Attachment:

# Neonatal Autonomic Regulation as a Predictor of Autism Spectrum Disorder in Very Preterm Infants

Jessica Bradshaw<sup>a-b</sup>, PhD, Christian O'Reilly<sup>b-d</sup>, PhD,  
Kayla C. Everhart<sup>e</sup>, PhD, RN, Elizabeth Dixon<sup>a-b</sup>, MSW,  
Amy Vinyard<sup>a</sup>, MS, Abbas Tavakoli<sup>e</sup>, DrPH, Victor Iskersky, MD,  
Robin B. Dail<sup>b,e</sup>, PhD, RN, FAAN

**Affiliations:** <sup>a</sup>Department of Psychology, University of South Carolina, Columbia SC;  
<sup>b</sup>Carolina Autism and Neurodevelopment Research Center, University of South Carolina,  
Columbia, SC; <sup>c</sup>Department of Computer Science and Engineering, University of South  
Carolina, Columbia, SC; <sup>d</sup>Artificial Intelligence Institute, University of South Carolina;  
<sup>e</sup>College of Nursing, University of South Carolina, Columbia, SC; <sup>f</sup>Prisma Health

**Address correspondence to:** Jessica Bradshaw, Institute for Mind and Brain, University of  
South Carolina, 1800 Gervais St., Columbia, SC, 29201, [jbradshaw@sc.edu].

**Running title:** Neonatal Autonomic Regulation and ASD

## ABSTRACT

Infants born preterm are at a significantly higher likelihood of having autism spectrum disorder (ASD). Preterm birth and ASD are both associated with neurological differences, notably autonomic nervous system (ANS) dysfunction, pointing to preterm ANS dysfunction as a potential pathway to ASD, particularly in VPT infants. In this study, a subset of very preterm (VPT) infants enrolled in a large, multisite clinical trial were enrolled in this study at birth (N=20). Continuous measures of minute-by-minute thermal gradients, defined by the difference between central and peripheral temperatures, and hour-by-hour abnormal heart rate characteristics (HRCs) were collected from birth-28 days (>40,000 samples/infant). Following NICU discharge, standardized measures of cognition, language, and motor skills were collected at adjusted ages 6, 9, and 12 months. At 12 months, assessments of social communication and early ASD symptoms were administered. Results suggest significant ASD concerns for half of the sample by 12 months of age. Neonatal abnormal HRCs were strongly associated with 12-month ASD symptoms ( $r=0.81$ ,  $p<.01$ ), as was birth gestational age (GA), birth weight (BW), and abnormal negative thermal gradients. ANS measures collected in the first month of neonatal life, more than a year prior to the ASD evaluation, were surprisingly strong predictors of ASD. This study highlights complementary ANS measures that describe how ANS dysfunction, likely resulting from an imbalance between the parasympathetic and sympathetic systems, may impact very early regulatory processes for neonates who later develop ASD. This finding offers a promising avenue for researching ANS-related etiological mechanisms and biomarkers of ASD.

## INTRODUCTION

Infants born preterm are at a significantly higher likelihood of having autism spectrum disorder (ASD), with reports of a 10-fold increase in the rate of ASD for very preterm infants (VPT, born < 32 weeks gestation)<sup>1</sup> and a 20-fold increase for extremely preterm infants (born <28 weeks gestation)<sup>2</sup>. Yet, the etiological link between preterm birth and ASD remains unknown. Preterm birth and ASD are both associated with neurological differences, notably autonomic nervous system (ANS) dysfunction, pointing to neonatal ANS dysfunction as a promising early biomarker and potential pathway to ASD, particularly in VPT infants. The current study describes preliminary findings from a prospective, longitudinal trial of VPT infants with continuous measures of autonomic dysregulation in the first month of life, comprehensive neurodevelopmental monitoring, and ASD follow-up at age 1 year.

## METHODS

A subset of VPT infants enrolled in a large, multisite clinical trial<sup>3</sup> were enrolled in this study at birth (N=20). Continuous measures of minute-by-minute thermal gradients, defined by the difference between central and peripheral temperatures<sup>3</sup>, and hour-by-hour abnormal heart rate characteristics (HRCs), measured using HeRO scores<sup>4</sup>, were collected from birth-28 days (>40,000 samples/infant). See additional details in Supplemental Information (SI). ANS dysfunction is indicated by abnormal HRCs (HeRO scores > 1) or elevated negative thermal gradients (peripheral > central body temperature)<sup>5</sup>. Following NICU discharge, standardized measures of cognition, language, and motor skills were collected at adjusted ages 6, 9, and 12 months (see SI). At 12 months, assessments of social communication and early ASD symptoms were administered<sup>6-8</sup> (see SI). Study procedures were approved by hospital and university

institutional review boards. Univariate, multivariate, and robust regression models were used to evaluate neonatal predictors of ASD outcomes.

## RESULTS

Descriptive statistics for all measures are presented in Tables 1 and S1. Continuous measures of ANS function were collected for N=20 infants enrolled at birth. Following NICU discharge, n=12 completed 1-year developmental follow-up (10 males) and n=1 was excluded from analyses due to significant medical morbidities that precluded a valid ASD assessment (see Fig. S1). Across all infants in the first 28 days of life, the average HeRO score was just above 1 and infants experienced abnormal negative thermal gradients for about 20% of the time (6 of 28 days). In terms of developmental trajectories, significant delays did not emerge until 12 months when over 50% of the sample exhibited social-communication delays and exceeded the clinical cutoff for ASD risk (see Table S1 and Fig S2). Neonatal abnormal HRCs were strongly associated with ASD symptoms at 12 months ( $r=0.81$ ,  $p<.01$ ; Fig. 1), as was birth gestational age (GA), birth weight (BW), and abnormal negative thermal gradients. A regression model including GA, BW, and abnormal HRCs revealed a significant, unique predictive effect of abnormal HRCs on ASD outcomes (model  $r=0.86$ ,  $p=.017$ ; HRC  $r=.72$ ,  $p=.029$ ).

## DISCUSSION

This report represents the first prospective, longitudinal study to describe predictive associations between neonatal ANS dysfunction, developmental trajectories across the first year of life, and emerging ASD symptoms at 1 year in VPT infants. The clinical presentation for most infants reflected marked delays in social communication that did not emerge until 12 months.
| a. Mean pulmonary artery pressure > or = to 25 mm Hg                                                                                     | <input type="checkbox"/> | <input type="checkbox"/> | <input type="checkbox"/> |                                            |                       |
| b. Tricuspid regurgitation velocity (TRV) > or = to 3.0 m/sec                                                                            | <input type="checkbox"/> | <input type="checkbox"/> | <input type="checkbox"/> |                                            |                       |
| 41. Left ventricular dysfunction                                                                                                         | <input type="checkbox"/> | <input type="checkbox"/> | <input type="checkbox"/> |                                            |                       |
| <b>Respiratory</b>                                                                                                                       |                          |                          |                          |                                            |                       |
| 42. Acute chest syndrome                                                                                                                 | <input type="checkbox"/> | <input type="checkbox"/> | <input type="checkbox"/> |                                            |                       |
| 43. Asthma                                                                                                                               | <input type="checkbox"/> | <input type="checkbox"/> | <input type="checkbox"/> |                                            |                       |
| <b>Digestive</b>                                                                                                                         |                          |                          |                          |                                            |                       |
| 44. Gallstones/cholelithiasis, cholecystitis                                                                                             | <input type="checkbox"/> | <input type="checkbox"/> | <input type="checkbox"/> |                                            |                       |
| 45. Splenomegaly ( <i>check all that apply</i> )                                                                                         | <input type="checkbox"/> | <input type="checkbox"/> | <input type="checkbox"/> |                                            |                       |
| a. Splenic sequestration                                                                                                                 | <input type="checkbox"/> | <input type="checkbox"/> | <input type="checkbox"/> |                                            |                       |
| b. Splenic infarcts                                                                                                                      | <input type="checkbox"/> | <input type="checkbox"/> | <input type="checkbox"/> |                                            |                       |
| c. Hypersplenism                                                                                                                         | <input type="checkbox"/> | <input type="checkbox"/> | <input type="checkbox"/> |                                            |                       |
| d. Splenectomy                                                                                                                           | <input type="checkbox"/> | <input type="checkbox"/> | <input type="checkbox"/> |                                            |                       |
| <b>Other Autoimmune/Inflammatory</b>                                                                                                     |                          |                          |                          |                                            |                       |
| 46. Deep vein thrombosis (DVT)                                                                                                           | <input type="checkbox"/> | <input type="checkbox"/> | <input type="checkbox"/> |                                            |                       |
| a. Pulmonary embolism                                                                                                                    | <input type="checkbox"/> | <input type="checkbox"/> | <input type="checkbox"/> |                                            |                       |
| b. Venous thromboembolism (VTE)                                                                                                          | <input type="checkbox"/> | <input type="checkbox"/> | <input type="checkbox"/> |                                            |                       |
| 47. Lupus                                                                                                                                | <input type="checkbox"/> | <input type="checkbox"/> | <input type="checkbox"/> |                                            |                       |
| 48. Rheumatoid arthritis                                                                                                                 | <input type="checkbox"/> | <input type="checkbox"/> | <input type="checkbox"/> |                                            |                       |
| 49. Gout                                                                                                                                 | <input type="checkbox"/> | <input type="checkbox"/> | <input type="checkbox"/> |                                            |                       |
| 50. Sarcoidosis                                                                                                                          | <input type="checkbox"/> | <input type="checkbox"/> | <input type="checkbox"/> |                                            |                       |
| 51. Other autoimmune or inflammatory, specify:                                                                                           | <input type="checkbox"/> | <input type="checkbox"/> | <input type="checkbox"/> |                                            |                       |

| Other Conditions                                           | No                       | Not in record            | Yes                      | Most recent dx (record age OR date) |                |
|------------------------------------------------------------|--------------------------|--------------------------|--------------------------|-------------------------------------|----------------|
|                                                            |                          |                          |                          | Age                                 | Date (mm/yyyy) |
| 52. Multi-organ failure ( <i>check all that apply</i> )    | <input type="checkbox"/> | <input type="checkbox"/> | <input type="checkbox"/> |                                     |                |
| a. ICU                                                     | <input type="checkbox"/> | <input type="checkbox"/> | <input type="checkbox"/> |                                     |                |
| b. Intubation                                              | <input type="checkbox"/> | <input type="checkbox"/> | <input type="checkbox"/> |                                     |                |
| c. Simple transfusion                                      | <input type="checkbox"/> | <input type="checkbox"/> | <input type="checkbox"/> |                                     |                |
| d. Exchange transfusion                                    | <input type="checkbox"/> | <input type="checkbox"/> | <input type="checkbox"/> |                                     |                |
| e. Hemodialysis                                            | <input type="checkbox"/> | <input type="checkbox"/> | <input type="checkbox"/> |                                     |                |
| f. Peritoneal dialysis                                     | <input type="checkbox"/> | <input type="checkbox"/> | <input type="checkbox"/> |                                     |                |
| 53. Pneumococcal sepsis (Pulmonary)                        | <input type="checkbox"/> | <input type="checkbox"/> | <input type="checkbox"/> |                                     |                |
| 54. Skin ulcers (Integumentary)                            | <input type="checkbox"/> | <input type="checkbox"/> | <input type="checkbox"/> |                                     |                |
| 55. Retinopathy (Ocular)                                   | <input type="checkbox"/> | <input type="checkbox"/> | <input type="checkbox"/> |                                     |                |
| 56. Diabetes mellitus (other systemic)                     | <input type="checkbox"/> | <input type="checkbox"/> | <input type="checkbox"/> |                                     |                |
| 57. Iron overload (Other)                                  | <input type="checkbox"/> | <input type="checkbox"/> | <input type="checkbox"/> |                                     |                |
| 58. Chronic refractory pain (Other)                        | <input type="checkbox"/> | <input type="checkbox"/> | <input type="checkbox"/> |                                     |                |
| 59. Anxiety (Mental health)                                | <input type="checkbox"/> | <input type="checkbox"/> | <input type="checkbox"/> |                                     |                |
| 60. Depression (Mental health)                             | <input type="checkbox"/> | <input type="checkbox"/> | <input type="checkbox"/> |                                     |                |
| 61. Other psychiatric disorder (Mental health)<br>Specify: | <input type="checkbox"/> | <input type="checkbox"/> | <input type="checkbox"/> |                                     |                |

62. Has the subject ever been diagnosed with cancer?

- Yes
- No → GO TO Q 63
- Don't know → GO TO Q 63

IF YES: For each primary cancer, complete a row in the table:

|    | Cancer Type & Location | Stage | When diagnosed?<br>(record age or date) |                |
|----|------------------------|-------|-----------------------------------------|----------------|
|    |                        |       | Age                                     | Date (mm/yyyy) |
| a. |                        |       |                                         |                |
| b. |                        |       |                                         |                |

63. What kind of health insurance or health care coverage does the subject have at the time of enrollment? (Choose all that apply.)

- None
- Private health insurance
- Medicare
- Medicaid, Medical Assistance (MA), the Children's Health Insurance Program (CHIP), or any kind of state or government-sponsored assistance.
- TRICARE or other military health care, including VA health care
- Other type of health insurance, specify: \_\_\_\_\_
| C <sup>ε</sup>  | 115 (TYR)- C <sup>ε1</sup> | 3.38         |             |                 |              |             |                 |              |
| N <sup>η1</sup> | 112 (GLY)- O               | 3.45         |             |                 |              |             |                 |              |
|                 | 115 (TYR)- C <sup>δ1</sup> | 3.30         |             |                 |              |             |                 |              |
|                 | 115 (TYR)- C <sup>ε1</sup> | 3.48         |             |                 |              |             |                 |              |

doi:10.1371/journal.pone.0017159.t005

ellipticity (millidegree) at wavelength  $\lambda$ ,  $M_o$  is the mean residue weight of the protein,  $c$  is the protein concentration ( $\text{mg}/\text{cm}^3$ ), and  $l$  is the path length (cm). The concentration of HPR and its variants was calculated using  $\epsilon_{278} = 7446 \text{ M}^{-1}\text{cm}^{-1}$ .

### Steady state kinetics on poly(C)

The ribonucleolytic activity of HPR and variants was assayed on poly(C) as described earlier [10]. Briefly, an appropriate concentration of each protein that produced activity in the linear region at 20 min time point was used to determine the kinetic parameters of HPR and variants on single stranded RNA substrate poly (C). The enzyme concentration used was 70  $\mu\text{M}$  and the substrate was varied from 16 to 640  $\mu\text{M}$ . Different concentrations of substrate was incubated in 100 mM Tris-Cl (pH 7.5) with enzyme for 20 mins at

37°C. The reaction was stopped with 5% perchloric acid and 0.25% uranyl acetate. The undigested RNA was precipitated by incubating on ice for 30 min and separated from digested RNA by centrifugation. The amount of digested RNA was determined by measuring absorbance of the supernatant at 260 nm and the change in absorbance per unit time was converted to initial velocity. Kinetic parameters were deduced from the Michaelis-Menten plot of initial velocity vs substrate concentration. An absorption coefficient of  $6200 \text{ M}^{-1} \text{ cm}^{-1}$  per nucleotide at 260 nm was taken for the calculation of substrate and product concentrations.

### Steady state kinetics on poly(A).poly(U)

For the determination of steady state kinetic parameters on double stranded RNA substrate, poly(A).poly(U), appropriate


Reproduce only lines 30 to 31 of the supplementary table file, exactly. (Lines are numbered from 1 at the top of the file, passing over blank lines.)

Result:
| 43. Asthma                                                                                                                               | <input type="checkbox"/> | <input type="checkbox"/> | <input type="checkbox"/> |                                            |                       |
| <b>Digestive</b>                                                                                                                         |                          |                          |                          |                                            |                       |